Here are some parting words to the wise: Product, Price and Program are the price of entry. The vendor partner you select, however, should come down to a combination of Process and People. Ask yourself if a prospective vendor partner has done their homework. Do they really know you — or do they just know of you? Keep in mind that many contact you via email simply because they’ve seen your integration business on a list of companies. Have they been to your offices and met with your people? What do they understand about your project-based business structure and your clients? What is their order process and support structure? How does it work?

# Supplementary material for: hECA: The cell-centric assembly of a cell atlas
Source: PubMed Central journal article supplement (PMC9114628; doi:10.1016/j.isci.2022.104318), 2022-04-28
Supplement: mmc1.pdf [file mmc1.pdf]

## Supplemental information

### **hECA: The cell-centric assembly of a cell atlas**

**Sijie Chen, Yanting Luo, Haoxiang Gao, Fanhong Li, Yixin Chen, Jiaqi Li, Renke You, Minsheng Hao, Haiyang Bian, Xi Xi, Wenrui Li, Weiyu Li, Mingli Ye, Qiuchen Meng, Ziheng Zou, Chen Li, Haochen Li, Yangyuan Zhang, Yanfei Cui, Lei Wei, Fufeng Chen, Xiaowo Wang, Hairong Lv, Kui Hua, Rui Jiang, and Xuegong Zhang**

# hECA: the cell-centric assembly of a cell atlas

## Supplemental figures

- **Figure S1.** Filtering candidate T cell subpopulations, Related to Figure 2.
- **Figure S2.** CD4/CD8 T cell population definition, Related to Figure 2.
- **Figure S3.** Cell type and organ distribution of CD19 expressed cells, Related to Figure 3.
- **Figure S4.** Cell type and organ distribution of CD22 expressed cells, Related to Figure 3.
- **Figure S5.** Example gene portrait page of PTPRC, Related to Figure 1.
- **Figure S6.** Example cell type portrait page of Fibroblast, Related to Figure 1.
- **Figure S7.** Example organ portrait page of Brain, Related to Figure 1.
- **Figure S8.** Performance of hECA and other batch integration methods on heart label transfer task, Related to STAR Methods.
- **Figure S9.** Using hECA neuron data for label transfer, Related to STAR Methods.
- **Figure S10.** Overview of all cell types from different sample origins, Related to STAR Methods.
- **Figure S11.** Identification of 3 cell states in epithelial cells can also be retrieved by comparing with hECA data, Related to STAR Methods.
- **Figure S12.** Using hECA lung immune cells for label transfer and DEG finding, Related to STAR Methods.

In a very real sense, prospective vendor partners are applying to you for a job. The job is to become your vendor partner. As you would look at a potential employee, look at the prospective vendor. No more and no less is required. Do they practice “give me sales, give me sales,” as so many do? Or do they want to earn your business and become your partner? 

As the iconic newsman Paul Harvey would say, “Now, you know the rest of the story.”